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Incident Report Writing: A Person-in-Incident Approach

by on April 12, 2019

Debra Walsh, LCSW, is Social Work Coordinator, Jefferson County Public Library in Colorado.

Incident report writing can be intimidating. Something big has happened at the library, and now you have to document it so that staff across your entire system can access the report. And someday your report might even be pulled in a records request for use in court? Talk about pressure!

Library work, and by extension incident report writing, is working with people. Whenever we write or talk about others, we want to remember that we’re discussing people—human beings who have hopes and dreams and fears and families and friends. Being mindful of the person at the center of an incident can help ensure that we convey the appropriate information.

Sometimes we need to write a description of how someone looks so that our colleagues will be able to recognize that person later. If you do this, be mindful of the way you describe them; we often only point out characteristics of people who present differently than the majority. For example, we might describe someone’s race if they appear to be African-American, where not mentioning someone’s race means they are understood to be white. In an ideal situation, a person would share their racial identity with you, so you wouldn’t have to choose their racial category for them. When I don’t have this luxury, I use statements like “they present as” or “they appear to be” to convey the information so I don’t definitively say “They are [this race]!” I include uncertainty because I can’t know someone’s racial identity at a glance.

When we describe other people, we have a lot of power to paint the picture of how they present; however, incident reports are not the place for flowery descriptions. We want to be as concise and neutral as possible. If someone’s smell is causing other patrons to move away from them, I might say they are “malodorous” or “exhibiting poor hygiene, based on body odor” instead of using words like “stinky” or “smelly.” Basically, I try to use the most cold, clinical, or boring language that I can.

Describing someone’s behavior is crucial to effective incident report writing. Instead of saying “they were a real jerk,” you convey more valuable information by reporting “they said my hair was ‘ugly’ and then knocked over a shelf of DVDs.” This way, you are not name-calling and are providing a much clearer picture of what actually happened. I like to use the idea of “rolling back the tape”—if there had been a camera recording the incident, would the video corroborate what I reported? It can’t show that they were a jerk, but it would have captured the behaviors I described. Similarly, using direct quotes can be valuable, as it allows you to document what was actually said (make sure to use quotation marks around colorful language to clearly indicate who said what).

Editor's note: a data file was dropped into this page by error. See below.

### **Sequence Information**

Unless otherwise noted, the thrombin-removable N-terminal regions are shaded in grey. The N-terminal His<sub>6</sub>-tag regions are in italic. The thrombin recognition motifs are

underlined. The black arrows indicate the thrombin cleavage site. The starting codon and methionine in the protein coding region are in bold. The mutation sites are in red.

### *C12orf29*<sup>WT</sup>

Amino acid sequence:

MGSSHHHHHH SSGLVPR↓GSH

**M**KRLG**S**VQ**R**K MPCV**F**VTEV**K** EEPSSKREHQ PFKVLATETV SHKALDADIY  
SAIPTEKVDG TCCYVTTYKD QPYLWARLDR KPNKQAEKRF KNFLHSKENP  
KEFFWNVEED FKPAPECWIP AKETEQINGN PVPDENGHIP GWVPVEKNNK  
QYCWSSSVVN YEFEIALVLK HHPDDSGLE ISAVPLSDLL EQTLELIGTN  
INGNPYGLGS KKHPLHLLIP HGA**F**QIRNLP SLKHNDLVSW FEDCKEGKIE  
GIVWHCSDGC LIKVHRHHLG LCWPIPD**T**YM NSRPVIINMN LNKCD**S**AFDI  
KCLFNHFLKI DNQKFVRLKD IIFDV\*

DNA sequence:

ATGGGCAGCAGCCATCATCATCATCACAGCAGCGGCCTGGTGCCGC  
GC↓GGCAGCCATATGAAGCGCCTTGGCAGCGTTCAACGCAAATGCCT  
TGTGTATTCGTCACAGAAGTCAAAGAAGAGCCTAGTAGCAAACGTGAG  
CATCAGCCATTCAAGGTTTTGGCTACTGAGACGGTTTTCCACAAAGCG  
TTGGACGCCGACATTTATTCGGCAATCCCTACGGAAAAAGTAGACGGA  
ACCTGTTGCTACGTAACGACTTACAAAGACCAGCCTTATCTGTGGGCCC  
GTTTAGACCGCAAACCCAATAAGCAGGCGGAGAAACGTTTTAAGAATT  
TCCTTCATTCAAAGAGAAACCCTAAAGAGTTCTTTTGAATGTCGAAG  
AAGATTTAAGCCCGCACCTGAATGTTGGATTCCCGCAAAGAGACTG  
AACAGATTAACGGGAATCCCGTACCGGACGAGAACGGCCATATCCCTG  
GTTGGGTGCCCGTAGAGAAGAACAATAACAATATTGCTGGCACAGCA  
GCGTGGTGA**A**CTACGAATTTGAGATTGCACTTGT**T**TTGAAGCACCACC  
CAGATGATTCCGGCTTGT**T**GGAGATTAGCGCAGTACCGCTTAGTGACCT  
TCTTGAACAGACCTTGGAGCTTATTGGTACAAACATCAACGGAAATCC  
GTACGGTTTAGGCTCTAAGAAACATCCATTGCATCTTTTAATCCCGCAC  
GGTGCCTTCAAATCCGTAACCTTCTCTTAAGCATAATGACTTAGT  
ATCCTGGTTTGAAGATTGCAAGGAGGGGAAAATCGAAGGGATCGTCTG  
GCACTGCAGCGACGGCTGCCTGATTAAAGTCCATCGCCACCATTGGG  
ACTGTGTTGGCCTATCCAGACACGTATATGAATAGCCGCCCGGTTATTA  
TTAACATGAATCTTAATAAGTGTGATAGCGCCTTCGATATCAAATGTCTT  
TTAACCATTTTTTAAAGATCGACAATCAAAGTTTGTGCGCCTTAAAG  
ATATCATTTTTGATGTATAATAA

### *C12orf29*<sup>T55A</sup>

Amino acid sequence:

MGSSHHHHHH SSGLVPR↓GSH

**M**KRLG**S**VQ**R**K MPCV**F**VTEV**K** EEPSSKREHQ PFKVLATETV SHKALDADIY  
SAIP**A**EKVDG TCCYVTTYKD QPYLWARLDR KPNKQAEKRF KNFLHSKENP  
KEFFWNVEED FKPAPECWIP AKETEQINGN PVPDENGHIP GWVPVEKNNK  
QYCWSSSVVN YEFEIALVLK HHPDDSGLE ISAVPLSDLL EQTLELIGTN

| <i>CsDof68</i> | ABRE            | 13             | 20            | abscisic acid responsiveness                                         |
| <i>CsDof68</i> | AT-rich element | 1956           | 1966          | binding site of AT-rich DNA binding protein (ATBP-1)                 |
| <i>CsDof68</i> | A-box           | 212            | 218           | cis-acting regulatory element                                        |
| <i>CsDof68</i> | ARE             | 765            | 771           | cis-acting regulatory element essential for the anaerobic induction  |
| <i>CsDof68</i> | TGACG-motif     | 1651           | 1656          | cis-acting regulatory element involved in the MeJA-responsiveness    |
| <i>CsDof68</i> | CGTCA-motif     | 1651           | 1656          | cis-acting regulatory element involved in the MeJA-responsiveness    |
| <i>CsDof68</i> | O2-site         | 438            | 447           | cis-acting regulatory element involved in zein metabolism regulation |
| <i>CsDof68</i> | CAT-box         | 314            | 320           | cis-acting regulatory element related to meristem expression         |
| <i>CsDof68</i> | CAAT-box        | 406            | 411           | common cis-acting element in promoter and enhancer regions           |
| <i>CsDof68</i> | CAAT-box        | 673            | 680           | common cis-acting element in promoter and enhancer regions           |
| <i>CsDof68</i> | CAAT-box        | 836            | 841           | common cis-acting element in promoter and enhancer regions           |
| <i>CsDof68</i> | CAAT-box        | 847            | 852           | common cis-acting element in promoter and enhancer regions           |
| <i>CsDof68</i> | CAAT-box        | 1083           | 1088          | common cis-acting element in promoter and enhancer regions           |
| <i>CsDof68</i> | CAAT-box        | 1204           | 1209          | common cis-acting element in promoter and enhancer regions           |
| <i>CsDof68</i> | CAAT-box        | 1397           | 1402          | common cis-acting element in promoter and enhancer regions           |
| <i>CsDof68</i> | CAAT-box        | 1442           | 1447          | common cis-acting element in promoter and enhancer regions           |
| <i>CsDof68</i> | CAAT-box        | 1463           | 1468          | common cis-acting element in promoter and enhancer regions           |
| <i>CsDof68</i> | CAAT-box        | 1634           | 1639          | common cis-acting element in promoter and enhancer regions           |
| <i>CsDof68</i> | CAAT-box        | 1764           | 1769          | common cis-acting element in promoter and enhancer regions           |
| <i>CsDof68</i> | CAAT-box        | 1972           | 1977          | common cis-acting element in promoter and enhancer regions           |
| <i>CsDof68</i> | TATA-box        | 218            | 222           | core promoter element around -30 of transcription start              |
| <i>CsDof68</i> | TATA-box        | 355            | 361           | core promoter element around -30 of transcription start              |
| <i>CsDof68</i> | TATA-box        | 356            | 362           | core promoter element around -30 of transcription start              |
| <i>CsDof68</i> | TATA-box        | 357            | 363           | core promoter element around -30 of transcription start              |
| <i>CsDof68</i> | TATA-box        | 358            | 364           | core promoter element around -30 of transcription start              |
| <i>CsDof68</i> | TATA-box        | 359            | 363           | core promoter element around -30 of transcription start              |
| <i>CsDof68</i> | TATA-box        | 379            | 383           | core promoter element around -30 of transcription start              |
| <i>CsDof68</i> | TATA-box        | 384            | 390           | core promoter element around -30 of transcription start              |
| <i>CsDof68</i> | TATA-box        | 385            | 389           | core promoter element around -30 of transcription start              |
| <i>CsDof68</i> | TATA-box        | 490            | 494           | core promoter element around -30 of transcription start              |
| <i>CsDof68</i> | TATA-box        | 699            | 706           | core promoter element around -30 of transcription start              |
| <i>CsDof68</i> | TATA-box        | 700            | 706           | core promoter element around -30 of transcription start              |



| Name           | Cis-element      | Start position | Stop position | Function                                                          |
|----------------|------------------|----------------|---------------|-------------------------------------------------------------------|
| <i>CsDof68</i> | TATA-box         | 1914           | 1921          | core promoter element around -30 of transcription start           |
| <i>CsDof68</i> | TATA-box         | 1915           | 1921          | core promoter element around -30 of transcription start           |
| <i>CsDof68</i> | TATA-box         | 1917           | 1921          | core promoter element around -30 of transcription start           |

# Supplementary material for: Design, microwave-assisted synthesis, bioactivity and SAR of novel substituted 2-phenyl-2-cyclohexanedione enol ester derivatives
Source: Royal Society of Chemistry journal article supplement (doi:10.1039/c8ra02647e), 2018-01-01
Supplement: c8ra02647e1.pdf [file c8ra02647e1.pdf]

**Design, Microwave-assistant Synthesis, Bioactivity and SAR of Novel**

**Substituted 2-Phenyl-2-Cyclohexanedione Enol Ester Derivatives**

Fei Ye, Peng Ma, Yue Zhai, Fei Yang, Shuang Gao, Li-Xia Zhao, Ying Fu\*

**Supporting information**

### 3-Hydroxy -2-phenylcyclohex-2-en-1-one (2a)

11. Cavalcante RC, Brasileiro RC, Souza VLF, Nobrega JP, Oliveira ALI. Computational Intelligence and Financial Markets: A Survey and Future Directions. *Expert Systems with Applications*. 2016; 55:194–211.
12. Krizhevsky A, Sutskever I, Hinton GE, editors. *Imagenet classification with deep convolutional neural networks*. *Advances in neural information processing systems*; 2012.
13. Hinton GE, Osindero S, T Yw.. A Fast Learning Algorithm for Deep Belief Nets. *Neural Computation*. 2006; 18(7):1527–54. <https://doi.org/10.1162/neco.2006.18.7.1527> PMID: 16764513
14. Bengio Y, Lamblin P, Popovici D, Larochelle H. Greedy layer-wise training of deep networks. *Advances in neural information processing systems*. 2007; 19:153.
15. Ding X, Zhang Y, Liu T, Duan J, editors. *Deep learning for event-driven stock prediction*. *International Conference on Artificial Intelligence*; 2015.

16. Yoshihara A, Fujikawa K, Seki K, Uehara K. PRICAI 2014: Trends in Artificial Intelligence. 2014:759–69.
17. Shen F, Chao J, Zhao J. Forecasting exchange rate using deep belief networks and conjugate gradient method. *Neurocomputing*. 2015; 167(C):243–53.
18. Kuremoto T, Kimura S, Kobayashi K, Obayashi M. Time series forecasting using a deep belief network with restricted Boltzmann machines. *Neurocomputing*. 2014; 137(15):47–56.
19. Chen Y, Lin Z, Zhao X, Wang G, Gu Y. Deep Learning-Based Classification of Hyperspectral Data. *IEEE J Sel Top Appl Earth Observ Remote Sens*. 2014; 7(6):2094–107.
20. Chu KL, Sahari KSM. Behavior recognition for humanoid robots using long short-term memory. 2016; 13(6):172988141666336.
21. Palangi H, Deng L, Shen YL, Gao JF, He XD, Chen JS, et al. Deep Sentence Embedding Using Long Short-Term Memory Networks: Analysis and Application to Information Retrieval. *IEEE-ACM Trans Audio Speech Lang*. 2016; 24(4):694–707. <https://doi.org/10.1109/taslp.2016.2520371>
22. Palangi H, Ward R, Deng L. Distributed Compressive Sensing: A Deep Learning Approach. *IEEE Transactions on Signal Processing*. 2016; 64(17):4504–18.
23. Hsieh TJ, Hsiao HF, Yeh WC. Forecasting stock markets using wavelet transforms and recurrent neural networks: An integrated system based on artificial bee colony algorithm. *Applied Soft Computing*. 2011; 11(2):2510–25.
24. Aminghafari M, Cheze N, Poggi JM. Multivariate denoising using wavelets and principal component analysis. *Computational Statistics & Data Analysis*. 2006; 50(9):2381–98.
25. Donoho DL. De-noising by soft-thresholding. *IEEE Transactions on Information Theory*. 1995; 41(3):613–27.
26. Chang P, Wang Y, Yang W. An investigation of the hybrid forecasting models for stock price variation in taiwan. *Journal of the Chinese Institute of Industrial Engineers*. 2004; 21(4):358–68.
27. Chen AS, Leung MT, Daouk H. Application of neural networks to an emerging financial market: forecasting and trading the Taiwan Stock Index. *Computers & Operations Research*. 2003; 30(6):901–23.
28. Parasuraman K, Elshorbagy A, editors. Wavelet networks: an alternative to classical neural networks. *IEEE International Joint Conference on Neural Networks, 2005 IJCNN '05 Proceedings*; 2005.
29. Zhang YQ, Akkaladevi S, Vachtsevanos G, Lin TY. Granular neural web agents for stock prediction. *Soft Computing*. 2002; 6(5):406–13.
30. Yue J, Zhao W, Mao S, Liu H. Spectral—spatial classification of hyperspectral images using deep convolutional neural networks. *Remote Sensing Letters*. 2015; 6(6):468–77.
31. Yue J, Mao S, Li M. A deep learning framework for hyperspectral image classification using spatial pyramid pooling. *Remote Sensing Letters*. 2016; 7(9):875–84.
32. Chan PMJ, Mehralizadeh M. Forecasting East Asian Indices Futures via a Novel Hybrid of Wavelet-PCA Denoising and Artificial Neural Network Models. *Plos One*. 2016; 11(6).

We also don’t want to diagnose or label people. If someone is talking to themselves or pacing and gesturing, describe what you see—saying they are “mentally ill” or guessing at a specific diagnosis isn’t helpful and may not be accurate. Before coming to the library, I spent years doing psychiatric assessments. In order to diagnose someone, I would spend long sessions getting to know them and reviewing their records—after all that, the diagnosis I assigned was still only provisional.  Now if I read that someone is “mentally ill,” I do not know what that means, in part because it could refer to anything from social anxiety to schizophrenia. In incident reports, we want to know what happened, not what we think might be happening for someone.

Where this comes up most often is in a patron’s housing status. We often feel compelled to include that a particular patron might be experiencing homelessness. My question in those cases is this: is housing status relevant to the interaction? The answer is almost always no. It would be bizarre to write something like this: “Debra, who I believe lives in a condo, was asked by staff to lower the volume on her computer.” The important information for the report is the behavior happening in the moment, not where they might go after the library closes. When we mention assumed homelessness in a report, we are likely relying on stereotypes to be descriptive for us. Having worked with thousands of people who have experienced homelessness, I can tell you that there are thousands of ways to be and behave while homeless.

Once I have written a report, I reread it to make sure I’ve been fair. Did I describe the behavior instead of making assumptions and labeling? Can I ‘roll back the tape’ to verify what happened? Most importantly, I ask myself if I could shake the patron’s hand, look them in the eye, and tell them what I’ve written. I want my report to reflect that the patron had a bad day as opposed to being a bad person. At the library, we want everyone to be able to try again tomorrow.     


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